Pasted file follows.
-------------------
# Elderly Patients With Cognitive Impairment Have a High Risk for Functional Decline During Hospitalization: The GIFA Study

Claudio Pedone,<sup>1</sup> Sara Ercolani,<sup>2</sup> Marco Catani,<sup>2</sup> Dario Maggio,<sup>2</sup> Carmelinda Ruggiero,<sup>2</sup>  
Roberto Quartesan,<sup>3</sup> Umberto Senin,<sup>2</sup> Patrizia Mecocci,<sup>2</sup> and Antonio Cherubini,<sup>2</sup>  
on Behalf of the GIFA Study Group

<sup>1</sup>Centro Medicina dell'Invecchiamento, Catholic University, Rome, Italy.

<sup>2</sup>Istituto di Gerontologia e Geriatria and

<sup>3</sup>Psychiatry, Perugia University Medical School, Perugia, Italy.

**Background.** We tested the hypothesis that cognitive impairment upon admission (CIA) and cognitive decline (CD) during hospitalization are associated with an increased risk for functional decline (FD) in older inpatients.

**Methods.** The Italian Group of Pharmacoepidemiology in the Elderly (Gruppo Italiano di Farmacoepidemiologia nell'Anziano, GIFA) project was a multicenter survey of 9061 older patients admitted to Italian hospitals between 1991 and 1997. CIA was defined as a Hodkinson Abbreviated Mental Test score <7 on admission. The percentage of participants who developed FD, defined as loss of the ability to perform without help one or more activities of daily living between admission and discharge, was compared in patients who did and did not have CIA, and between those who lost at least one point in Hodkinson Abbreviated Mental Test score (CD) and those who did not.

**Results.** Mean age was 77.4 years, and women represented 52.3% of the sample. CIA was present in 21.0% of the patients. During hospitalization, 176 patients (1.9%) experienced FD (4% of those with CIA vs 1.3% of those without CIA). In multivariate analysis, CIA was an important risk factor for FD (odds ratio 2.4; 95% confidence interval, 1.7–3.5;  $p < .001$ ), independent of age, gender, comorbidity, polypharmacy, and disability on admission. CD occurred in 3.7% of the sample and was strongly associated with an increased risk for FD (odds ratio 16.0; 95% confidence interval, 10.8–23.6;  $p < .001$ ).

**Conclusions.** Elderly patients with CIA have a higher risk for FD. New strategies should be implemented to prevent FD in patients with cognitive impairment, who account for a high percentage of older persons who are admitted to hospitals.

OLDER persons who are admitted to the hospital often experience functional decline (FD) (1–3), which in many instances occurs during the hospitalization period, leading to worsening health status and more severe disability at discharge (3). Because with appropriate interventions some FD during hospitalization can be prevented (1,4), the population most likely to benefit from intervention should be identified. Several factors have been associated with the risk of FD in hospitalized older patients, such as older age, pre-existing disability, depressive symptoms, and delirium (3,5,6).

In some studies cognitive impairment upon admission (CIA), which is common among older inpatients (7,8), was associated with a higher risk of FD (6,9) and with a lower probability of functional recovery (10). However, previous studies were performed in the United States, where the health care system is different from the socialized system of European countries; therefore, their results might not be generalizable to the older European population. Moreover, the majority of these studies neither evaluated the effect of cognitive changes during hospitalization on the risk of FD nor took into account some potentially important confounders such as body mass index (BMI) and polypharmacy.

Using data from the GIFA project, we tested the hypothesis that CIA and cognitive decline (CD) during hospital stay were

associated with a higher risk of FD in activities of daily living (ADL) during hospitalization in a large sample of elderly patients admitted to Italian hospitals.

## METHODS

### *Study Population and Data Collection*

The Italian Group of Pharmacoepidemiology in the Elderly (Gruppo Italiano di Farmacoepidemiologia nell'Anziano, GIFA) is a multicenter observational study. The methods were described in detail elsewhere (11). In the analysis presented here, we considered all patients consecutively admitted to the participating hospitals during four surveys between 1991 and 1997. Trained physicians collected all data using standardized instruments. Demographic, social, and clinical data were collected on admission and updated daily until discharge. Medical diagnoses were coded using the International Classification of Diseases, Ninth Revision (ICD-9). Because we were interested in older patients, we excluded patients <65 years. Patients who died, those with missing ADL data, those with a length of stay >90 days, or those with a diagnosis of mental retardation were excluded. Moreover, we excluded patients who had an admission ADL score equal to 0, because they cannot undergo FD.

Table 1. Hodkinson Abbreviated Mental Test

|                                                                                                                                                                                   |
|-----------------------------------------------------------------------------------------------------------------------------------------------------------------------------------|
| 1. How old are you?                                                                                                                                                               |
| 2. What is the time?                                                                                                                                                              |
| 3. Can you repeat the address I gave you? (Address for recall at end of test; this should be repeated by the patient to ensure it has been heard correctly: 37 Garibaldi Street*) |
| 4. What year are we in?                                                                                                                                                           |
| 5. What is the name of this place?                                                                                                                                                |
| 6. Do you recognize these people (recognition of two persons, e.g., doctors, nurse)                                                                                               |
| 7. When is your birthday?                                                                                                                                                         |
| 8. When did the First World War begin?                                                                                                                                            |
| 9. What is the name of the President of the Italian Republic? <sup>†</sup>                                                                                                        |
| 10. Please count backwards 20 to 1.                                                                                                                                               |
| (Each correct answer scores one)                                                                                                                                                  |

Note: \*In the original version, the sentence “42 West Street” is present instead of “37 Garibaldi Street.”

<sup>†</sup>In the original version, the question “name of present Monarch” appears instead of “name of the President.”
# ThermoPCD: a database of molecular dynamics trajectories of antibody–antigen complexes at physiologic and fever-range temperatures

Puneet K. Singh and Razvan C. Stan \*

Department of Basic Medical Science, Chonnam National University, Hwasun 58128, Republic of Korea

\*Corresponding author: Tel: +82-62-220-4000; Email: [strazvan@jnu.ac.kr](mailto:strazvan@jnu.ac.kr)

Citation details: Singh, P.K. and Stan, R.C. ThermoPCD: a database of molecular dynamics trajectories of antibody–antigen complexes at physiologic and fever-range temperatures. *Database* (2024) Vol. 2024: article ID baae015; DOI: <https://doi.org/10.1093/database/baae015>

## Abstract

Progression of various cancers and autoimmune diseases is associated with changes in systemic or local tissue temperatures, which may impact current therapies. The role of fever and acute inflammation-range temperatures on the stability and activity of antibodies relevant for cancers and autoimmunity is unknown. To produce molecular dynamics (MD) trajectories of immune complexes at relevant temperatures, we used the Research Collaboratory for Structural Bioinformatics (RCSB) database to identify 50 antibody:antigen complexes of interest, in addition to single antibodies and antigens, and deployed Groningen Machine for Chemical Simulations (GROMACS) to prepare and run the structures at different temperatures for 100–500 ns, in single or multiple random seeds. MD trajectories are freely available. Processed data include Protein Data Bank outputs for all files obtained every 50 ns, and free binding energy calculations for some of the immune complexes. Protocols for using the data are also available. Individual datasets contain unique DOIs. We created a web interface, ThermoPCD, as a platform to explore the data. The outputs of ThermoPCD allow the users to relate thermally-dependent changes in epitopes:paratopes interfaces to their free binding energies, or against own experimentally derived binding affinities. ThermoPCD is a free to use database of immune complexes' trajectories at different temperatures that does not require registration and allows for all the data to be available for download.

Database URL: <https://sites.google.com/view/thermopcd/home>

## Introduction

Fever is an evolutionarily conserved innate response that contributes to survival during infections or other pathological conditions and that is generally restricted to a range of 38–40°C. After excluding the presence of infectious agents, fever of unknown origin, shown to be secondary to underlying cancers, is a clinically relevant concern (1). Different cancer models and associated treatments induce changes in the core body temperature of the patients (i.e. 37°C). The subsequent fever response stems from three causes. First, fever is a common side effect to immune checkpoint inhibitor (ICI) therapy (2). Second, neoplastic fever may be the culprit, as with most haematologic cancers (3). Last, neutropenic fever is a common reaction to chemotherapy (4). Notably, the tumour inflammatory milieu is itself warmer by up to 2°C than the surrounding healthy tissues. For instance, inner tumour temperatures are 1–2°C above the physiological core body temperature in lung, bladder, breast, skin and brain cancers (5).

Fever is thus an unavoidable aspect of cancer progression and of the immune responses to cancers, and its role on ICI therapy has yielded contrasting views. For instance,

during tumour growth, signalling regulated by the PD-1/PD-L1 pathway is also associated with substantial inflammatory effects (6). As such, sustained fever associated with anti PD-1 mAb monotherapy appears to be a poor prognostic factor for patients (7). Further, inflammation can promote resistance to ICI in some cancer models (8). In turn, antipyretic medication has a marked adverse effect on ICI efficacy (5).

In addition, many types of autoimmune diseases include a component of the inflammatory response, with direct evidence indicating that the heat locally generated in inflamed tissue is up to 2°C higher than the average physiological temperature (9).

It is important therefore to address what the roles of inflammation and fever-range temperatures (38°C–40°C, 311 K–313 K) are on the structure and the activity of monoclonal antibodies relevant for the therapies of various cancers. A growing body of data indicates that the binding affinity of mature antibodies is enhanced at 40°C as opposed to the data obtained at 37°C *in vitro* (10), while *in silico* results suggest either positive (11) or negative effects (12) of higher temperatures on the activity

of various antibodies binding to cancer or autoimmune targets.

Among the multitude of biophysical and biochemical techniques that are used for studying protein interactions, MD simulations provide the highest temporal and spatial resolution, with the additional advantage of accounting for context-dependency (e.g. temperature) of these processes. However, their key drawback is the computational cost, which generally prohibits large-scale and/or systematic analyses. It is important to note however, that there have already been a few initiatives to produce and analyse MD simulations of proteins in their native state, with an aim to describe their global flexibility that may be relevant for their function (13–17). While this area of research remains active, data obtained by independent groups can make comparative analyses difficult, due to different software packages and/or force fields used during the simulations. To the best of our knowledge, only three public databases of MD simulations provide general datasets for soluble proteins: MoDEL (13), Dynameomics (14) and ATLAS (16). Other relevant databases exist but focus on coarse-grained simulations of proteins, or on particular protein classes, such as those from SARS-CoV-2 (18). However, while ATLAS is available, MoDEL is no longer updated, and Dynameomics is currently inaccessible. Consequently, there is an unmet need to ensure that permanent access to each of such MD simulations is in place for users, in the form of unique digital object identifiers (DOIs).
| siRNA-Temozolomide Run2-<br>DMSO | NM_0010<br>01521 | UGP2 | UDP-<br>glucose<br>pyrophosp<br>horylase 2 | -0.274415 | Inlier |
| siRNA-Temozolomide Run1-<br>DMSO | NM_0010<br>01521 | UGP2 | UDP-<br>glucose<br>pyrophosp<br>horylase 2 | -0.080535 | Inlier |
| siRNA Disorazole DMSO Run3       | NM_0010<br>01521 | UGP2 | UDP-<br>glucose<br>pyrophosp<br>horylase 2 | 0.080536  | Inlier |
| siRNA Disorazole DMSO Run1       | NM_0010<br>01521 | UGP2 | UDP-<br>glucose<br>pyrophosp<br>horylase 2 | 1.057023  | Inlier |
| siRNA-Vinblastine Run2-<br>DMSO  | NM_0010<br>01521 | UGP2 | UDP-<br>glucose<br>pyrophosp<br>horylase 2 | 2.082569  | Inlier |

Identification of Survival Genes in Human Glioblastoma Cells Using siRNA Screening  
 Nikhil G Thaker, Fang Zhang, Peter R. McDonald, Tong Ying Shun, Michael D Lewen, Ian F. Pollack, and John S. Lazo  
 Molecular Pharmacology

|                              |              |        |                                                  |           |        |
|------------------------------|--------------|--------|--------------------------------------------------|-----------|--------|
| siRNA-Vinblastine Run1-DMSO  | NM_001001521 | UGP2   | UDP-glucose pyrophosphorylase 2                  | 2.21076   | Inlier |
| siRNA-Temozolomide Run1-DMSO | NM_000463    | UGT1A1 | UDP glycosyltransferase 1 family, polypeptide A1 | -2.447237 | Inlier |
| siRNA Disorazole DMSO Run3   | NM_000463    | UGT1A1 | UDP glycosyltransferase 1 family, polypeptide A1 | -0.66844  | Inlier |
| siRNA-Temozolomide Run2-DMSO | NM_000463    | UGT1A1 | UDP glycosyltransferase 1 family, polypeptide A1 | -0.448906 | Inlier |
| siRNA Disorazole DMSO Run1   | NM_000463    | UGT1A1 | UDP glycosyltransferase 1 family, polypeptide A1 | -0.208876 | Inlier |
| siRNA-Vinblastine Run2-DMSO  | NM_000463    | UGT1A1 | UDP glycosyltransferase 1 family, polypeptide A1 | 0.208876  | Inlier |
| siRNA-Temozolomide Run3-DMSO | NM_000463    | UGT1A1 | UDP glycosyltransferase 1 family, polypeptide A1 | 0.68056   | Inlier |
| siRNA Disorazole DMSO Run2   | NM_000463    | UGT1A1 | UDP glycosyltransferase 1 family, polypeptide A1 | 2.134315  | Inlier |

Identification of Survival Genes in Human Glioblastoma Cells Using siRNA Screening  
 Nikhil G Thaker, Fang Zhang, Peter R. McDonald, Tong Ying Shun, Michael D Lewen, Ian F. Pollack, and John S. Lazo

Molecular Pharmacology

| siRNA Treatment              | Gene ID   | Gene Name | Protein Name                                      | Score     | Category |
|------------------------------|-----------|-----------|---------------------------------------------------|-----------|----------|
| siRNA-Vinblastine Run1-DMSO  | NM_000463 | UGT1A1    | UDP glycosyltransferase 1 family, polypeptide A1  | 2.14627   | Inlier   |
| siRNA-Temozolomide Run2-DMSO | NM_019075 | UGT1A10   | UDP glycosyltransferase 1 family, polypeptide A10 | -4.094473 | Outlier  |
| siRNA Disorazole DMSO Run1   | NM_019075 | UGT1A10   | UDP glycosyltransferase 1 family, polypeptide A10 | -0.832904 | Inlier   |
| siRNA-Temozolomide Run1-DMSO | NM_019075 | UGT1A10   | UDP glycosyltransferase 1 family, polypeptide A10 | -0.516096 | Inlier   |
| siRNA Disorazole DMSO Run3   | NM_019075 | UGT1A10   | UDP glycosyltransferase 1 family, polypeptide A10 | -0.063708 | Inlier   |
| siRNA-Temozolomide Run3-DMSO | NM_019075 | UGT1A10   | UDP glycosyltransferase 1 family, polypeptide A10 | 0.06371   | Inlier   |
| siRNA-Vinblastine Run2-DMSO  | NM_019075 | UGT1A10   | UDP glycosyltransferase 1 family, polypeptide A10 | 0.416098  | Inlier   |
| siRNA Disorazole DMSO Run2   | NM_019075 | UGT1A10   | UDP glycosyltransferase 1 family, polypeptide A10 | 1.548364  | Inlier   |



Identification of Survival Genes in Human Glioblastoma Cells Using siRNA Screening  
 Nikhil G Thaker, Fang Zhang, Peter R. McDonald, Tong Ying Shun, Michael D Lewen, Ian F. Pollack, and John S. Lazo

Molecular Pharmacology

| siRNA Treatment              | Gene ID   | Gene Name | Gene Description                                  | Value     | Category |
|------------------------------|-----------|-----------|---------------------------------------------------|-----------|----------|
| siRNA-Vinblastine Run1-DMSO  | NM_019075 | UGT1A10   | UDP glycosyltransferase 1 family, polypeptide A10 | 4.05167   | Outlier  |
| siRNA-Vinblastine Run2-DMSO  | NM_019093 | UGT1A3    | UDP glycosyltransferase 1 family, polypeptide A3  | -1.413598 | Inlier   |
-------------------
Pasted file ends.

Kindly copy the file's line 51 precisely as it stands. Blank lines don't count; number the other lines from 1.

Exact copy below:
| siRNA-Temozolomide Run2-<br>DMSO | NM_0010<br>01521 | UGP2 | UDP-<br>glucose<br>pyrophosp<br>horylase 2 | -0.274415 | Inlier |